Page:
An exciting film series will kick off tomorrow (Friday, February 6th) at the Film Society of Lincoln Center. It's called "Tell It Like It Is: Black Independents in New York, 1968-1986" and will run until February 19th. Be sure to check it out if you're in the NYC area.
Check out the press release below for more details:
New York, NY (December 19, 2014) – The Film Society of Lincoln Center will present Tell It Like It Is: Black Independents in New York, 1968–1986, a series of key films, starting with William Greaves’s seminal Symbiopsychotaxiplasm: Take One and culminating with Spike Lee’s first feature, the independently produced She’s Gotta Have It which launched a new era of studio filmmaking by black directors. This program includes major works by some of the great filmmakers of this (or any) era in cinema. During this time, activist New York–based black independent filmmakers created an exciting body of work despite lack of support and frequent suppression of minority film production. Programmed by Michelle Materre and Film Society of Lincoln Center Programmer at Large Jake Perlin, co-presented by Creatively Speaking. Tickets will go on sale Thursday, January 15, 2015.
Dennis Lim, the Film Society of Lincoln Center’s Director of Programming said, “This is a landmark program that sheds overdue light on an incredibly rich, varied, and undertold chapter of American film history. There are many groundbreaking works here by many singular figures, and we’re proud to present this essential series here at the Film Society.”
In early 1968, William Greaves began shooting in Central Park, and the resulting film, Symbiopsychotaxiplasm: Take One, came to be considered one of the major works of American independent cinema. Later that year, following a staff strike, WNET’s newly created program, Black Journal (with Greaves as Executive Producer) was established “under black editorial control” and as home base for a new generation of filmmakers redefining documentary. (1968 also marked the production of the first Hollywood studio film directed by an African American, Gordon Park’s The Learning Tree.) Shortly thereafter, actor/playwright/screenwriter/novelist Bill Gunn directed the studio-backed Stop, which remains unreleased by Warner Bros. to this day. Gunn, rejected by the industry that had courted him, then directed the independent classic Ganja and Hess (which has been remade by Spike Lee as Da Sweet Blood of Jesus and will open in February), ushering in a new type of horror film, which Ishmael Reed called “what might be the country’s most intellectual and sophisticated horror film.”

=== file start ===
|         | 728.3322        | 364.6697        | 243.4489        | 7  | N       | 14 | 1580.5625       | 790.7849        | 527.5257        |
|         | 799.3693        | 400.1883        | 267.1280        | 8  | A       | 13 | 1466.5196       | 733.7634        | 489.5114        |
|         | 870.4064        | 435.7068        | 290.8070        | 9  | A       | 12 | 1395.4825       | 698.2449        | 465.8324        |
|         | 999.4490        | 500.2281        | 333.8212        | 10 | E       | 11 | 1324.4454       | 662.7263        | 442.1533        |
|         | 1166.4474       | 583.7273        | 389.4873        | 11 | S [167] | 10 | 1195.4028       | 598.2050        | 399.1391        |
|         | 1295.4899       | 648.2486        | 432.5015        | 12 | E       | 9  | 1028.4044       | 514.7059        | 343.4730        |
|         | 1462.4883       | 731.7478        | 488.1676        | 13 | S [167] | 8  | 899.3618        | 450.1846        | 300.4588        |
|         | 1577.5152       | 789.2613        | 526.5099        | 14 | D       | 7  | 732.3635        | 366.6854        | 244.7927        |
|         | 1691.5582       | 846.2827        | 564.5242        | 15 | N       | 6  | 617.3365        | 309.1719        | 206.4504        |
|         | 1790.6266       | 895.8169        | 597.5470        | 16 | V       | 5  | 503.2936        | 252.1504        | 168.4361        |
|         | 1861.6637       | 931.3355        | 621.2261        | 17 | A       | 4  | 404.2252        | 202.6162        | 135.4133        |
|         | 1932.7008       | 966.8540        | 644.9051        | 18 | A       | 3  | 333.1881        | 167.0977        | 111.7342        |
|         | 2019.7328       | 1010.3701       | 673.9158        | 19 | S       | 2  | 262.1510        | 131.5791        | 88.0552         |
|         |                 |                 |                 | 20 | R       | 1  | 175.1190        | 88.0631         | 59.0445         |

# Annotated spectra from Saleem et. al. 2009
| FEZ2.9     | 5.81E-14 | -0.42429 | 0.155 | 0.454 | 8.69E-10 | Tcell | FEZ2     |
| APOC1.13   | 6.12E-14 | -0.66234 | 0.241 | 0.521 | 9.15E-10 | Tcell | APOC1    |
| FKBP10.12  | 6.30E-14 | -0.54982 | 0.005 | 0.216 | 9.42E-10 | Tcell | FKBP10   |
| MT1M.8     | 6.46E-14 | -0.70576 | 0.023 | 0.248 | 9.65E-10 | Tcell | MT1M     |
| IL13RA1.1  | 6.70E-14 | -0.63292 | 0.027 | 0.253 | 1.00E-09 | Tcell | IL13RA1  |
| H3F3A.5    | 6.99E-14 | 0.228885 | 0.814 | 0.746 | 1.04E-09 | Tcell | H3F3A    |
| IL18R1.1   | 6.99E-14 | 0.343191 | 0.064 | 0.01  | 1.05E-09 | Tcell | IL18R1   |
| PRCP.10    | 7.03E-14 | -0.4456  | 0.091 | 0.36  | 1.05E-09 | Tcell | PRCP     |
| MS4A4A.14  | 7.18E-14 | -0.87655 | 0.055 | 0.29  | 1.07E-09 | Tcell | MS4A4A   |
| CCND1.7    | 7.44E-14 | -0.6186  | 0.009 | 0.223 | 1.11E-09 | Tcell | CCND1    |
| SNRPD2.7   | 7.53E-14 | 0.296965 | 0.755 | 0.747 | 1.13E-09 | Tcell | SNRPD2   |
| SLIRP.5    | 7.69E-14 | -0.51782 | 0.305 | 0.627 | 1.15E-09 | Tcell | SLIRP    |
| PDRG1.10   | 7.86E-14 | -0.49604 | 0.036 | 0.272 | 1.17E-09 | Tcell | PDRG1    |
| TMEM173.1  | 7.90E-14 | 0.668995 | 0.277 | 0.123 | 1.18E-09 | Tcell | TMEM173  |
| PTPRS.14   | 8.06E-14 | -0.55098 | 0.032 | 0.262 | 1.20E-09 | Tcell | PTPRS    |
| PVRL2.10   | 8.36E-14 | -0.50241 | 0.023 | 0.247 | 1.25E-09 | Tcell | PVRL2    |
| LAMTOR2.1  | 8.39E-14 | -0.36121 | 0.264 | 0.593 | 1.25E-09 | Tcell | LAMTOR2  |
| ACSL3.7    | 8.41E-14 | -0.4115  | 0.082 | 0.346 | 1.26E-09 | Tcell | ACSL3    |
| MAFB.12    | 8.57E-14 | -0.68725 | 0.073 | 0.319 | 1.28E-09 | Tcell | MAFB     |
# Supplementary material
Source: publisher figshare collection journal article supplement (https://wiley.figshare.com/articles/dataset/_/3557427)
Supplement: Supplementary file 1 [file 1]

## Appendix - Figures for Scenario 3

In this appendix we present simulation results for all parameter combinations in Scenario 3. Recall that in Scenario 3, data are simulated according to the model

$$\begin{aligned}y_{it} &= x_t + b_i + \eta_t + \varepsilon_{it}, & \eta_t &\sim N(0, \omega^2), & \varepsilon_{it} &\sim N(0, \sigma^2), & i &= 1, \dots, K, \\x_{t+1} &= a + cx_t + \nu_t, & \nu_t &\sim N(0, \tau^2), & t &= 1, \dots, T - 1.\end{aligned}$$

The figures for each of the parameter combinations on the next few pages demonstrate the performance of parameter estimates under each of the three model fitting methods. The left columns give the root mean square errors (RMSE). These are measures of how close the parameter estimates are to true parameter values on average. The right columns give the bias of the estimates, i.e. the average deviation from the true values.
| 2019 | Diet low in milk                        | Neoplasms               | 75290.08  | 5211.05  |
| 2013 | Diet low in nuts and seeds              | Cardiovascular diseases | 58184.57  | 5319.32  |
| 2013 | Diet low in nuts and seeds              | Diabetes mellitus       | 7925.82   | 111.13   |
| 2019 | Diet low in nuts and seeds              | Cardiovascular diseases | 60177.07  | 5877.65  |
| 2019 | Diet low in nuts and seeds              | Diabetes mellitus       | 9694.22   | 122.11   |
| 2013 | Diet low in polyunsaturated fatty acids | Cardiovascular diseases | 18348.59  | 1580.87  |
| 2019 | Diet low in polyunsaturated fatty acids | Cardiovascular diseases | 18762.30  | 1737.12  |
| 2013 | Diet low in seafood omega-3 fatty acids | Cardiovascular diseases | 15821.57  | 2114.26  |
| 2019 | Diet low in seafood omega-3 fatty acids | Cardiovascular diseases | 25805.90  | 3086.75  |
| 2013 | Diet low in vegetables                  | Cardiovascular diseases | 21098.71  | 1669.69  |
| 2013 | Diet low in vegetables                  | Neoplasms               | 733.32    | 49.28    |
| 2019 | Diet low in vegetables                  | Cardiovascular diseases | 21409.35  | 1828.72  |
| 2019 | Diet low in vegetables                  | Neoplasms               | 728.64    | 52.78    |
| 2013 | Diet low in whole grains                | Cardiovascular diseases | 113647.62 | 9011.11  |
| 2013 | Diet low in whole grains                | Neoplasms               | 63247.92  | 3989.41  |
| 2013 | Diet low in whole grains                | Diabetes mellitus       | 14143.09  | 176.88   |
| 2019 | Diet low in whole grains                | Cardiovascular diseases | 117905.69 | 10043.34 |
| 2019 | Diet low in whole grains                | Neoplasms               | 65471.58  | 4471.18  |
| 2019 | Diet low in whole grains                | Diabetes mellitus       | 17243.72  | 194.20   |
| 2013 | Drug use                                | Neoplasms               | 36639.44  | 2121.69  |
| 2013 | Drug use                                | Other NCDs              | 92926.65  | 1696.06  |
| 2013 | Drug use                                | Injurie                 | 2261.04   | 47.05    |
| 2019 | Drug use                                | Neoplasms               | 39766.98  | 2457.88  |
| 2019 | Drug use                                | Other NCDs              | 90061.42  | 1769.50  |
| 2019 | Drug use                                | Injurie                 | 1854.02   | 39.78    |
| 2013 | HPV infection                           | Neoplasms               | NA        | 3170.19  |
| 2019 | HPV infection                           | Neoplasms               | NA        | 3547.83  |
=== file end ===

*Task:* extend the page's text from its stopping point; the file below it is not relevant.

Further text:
Women filmmakers play a prominent role throughout the series, starting with the exclusive one-week theatrical premiere of Losing Ground, directed by the late Kathleen Collins, one of the first feature films written and directed by a black woman. Collins’s first film, The Cruz Brothers and Miss Malloy, also never released theatrically, will screen in newly remastered version created by the filmmaker’s daughter, Nina, along with a video interview with the filmmaker. Nina Collins will be on hand to present her mother’s films on opening night, February 6, along with co-producer/cinematographer Ronald Gray and Losing Ground star Seret Scott.
February 11, Madeline Anderson will present her films, including the classic I Am Somebody, her first documentary, as well as work from Black Journal. On February 13 filmmakers Christine Choy, Susan Robeson, and Camille Billops will discuss their work screened in the Women’s Work Program, a selection of films bringing to light the remarkable contributions of female storytellers and their image-making prowess. Trailblazer Jessie Maple, will be in attendance on February 16 to present her films Will and Twice As Nice.
For their support and expertise, the programmers gratefully thank Pearl Bowser, Louise Greaves, Jane Fuentes, Marsha Schwam, Elena Rossi-Snook, Amy Heller, Dennis Doros and Ishmael Reed, and the filmmakers Jessie Maple, Charles Hobson, Madeline Anderson, Pat Hartley, Kent Garrett, Woodie King Jr., and Al Santana.
Thank you to Elena Rossi-Snook & Johnny Gore (New York Public Library for the Performing Arts), Nina Collins, Ronald Gray, Chiz Schultz, Anne Morra & Mary Keene (MoMA), Lisa Collins, Mark Schwartzburt, Amy Heller & Dennis Doros (Milestone Films), Shola Lynch (Schomburg Center for Research in Black Culture), Kate Manion, Devorah Heitner, Brian Graney (The Black Film Center/Archive, Indiana University), Seret Scott, Nellie Killian, Marilyn Nance, Judy Bourne, Livia Bloom (Icarus Films), Roselly A. Torres Rojas (Third World Newsreel), Kazembe Balagun (Rosa Luxemburg Shiftung NYC), Chris Hill, Rebecca Cleman, Kristen Fitzpatrick (Women Make Movies), Jane Gutteridge (National Film Board of Canada), Liz Coffey & Haden Guest (Harvard Film Archive).
For sale at the Film Society, beginning February 6, in conjunction with this series: Bill Gunn’s Rhinestone Sharecropping (a novel) and Black Picture Show (a play), published by I Reed Press, and How to Become a Union Camerawoman by Jessie Maple, published by LJ Film Productions.
You can find ticketing info here: http://www.filmlinc.com/films/series/tell-it-like-it-is-black-independents-in-new-york-1968-1986